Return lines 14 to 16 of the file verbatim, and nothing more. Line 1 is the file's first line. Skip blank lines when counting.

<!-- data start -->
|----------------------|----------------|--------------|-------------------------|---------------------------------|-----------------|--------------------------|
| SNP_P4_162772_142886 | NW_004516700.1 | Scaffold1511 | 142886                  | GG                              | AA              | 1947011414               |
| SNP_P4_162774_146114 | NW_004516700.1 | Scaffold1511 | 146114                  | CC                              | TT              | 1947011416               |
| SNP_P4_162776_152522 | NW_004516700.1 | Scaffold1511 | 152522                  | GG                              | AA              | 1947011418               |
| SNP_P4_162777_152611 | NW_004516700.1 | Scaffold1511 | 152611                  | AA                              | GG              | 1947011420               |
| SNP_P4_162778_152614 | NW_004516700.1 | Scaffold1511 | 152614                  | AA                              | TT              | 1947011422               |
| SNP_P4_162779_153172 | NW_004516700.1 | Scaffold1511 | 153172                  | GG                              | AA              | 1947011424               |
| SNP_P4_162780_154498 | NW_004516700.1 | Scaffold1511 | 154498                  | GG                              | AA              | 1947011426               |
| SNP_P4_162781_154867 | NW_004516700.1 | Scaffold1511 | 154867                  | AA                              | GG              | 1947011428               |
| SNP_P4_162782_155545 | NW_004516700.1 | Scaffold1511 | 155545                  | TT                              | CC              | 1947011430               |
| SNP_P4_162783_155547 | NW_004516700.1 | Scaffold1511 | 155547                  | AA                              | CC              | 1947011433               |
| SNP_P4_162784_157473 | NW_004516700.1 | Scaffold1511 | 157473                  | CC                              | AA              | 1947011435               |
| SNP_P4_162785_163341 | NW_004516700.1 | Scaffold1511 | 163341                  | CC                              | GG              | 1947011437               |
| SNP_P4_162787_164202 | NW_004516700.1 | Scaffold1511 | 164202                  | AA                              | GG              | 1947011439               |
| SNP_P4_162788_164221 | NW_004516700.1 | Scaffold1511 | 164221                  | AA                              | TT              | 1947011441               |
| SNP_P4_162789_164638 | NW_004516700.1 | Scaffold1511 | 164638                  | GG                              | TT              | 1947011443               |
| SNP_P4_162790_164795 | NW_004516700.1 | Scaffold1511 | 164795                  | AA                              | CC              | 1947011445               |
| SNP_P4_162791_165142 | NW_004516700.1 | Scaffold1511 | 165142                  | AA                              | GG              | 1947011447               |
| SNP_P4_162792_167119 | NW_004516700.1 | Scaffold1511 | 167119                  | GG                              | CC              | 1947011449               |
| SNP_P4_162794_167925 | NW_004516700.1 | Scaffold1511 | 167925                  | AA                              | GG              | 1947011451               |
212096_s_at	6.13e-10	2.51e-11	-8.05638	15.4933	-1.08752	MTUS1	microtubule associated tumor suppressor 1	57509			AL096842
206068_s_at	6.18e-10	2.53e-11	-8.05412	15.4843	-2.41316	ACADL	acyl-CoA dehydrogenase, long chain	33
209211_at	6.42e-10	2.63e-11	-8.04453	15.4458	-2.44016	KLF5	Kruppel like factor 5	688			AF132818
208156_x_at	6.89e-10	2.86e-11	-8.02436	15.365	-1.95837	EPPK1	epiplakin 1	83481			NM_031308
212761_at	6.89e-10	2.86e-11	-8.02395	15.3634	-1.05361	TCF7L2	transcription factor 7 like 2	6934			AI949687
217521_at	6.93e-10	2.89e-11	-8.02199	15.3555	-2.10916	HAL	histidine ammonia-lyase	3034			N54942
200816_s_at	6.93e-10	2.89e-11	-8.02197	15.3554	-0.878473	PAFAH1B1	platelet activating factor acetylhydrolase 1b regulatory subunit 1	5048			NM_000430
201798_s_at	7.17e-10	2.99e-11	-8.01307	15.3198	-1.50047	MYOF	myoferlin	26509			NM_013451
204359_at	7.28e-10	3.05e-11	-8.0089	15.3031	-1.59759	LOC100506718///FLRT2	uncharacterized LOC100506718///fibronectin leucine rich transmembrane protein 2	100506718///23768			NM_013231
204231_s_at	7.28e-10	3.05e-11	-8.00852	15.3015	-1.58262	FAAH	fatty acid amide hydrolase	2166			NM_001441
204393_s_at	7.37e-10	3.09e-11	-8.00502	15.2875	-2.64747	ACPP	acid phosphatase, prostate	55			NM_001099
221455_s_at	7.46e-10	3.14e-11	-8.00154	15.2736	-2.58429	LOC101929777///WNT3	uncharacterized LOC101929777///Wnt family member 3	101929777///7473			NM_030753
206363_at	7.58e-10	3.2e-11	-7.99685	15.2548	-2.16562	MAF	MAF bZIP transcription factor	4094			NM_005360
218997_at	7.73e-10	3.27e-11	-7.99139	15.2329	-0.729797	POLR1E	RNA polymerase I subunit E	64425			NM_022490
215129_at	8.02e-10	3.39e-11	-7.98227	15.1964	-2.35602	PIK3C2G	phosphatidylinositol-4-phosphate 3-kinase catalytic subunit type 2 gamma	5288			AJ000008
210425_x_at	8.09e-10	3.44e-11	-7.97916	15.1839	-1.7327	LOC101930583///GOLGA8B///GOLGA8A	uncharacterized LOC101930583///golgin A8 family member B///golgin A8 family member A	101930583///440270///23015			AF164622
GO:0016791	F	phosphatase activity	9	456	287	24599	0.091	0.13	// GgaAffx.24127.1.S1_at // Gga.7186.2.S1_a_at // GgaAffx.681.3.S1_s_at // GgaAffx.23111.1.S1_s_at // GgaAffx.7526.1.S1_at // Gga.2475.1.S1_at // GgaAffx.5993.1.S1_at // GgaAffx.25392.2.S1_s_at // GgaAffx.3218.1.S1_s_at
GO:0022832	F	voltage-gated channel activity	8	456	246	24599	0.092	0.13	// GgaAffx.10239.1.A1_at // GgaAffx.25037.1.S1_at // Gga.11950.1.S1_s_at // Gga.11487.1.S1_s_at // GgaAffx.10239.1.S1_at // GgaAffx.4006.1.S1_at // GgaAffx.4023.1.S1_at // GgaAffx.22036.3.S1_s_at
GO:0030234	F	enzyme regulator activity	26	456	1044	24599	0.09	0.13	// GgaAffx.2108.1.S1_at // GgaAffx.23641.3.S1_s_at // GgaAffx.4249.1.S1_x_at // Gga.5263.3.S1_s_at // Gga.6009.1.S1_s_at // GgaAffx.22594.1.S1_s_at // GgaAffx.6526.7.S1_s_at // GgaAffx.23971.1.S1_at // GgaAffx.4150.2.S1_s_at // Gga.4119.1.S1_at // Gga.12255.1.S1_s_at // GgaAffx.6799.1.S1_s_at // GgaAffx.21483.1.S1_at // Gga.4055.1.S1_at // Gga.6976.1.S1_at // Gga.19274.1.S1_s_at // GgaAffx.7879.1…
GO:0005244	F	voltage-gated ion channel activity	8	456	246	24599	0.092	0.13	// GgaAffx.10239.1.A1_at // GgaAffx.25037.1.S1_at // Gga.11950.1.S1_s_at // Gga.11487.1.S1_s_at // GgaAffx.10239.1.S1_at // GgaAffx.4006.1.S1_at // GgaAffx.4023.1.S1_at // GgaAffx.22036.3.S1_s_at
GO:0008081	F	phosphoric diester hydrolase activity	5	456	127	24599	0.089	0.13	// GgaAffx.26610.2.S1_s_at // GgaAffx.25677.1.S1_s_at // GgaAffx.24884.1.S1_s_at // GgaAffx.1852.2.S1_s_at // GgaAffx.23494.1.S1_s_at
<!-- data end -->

| SNP_P4_162787_164202 | NW_004516700.1 | Scaffold1511 | 164202                  | AA                              | GG              | 1947011439               |
| SNP_P4_162788_164221 | NW_004516700.1 | Scaffold1511 | 164221                  | AA                              | TT              | 1947011441               |
| SNP_P4_162789_164638 | NW_004516700.1 | Scaffold1511 | 164638                  | GG                              | TT              | 1947011443               |